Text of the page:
Why were money managers so emboldened with these algorithm-driven strategies? Because the Federal Reserve Bank (“the Fed”), over 3 regimes of chairmanship (Greenspan, Bernanke and Yellen), had , through their incessant money printing, the stock market would simply “ to go down”. This guarantee became explicit after the 2008 market crash from the Global Credit Crisis.

The following chart (shaded area = official recession) amply illustrates this:

The takeaways:

  1. Any honest economic growth from (industrial) job creation and making of products ceased in the 1980s with Reagan’s “de-industrialization”. Growth of the financial sector took off rapidly in the 1980s, aided by money printing that started with Greenspan in 1987, in response to Black Monday.
  2. The main effect of financialization is serial asset bubbles. Both the market peaks in 2000 and 2008 were the result of asset bubbles. All asset bubbles eventually burst (causing boom-bust cycles). Both the 2000 and 2008 bubble bursts were “uh-oh” moments having less to do with specific bad actors (Worldcom, Enron, Healthsouth; and Lehman, Bear, AIG) but more to do with realization of systemic toxicity in the financial sector. Yellen made sure there would be no more “uh-oh” moments under her watch by keeping the pedal to the metal, printing like there was no tomorrow. Notice the stock market rise was at a steeper angle under her “financial engineering”. (I detailed the mechanics in my other article Global Economy in the 2020s.)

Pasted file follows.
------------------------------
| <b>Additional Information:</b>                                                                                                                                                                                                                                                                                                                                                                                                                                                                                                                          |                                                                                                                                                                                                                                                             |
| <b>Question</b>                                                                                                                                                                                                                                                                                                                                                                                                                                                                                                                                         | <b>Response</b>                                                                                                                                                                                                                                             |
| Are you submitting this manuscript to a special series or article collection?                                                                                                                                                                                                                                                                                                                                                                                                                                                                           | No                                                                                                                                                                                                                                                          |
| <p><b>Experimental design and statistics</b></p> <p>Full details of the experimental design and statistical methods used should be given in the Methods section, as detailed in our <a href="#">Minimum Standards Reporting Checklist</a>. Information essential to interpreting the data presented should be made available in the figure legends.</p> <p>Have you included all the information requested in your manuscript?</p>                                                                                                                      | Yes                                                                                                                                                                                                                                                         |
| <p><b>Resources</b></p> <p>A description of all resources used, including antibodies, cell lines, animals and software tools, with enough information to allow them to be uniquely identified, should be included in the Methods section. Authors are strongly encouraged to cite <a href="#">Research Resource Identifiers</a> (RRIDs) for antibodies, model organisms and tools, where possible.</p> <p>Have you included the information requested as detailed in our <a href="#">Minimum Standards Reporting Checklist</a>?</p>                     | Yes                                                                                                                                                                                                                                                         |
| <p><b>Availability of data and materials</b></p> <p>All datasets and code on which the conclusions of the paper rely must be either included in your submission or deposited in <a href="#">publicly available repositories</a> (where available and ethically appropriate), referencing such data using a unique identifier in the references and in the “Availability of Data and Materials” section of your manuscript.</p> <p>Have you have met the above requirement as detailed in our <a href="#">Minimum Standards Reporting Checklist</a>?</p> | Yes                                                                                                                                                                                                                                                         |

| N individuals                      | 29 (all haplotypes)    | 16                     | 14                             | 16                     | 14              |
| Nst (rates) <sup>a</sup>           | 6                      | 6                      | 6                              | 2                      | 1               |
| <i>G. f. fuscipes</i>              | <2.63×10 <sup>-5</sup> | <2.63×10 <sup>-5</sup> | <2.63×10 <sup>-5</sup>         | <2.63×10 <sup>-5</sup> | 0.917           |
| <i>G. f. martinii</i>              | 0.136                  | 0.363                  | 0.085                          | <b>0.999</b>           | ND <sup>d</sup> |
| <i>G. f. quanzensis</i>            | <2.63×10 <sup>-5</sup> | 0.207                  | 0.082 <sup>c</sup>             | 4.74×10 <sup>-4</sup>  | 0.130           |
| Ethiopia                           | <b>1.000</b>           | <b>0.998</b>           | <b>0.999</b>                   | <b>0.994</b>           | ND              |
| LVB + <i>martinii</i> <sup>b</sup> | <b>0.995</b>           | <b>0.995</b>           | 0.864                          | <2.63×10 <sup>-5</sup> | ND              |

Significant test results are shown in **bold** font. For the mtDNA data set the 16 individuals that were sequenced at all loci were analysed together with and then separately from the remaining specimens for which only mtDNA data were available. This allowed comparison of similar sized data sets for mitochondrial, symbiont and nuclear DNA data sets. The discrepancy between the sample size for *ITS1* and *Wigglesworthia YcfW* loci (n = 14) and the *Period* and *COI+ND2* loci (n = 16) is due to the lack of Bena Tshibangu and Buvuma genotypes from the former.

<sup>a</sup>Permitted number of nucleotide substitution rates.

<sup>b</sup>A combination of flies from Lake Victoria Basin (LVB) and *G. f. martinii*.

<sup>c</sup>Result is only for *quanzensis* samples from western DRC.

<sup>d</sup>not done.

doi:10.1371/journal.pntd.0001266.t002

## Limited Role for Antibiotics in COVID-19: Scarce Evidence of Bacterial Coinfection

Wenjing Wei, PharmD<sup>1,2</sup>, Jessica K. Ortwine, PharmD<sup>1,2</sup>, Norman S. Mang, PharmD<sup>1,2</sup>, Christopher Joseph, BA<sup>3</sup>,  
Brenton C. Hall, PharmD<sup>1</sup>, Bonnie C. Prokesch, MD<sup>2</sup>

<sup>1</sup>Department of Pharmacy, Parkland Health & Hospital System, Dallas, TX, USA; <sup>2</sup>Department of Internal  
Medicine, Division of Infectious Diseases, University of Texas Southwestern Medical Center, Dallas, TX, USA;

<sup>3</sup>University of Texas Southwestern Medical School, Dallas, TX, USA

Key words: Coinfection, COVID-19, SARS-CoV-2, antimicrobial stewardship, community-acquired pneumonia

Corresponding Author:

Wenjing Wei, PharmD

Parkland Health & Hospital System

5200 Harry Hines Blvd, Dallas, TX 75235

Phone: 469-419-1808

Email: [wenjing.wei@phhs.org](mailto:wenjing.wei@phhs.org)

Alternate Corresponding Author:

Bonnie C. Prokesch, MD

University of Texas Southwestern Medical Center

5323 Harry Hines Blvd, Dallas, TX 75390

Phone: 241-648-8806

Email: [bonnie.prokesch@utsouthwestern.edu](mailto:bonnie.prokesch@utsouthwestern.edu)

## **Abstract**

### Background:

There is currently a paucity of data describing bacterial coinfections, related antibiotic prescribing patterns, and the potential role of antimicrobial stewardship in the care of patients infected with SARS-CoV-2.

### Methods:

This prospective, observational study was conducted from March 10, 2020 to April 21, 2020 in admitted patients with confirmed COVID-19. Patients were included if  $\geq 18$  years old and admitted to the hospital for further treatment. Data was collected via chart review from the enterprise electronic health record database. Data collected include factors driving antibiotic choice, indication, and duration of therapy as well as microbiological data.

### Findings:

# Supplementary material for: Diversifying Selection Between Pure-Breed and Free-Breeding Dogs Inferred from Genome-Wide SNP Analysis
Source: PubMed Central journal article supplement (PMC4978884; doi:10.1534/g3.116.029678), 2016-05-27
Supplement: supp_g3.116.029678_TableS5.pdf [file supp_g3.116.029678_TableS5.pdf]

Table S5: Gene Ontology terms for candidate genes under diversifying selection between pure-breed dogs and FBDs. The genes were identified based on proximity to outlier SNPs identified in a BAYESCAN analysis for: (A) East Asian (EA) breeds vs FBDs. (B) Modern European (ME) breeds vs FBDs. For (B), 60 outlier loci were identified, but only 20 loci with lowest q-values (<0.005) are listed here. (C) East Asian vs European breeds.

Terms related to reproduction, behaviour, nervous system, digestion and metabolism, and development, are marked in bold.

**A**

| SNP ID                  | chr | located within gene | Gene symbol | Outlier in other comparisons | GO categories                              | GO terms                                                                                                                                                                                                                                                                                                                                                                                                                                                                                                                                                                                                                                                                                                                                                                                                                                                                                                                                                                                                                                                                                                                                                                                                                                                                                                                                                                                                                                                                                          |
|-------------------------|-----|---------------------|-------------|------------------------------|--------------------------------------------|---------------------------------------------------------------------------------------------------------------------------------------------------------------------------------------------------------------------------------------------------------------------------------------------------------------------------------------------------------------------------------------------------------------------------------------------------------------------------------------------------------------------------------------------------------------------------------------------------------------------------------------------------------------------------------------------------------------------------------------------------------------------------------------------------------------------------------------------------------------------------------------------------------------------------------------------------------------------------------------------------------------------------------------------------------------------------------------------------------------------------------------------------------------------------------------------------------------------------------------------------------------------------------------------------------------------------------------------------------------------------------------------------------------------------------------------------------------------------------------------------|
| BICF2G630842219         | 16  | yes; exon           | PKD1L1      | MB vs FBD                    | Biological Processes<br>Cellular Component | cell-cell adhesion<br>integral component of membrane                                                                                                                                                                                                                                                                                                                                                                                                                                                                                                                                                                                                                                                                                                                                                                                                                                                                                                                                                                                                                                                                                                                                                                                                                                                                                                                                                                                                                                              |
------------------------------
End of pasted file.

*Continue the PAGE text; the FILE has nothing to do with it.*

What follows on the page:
3. Since 1987, the established pattern by the Fed in response to any asset bubble burst has been blowing a bigger bubble by creating more money out of thin air and funneling it into the financial markets. The 2020 Covid global shutdown gave Powell the perfect excuse to outdo all past Fed chairmen with “Whatever it takes” money printing, — with no limit or end date. The stock market is now in a spectacular VERTICAL CLIMB.
  4. A rising stock market propelled by money created out of thin air is a statement of the money’s debasement. (The same principle applies to real estate: A $60K house in 1970 is now worth $1M not because the house is 1,500% more valuable, but because the currency is only 6% of what it was previously worth.)

The current asset bubble, labeled the “Everything (equities, bonds, housing) Bubble” by Wall Street insiders, is the longest running (12 years and ongoing since 2009) and the biggest by far. This following (pre-Covid) chart should alleviate any remaining doubt about the irrefutable correlation between central bank money printing and rising stock market(s) (ECB=European Central Bank; BOJ=Bank of Japan):

This is why I put “Investing” in the title in quotes. Are the financial markets even for the rest of this decade, without first “correcting” (a bubble burst)?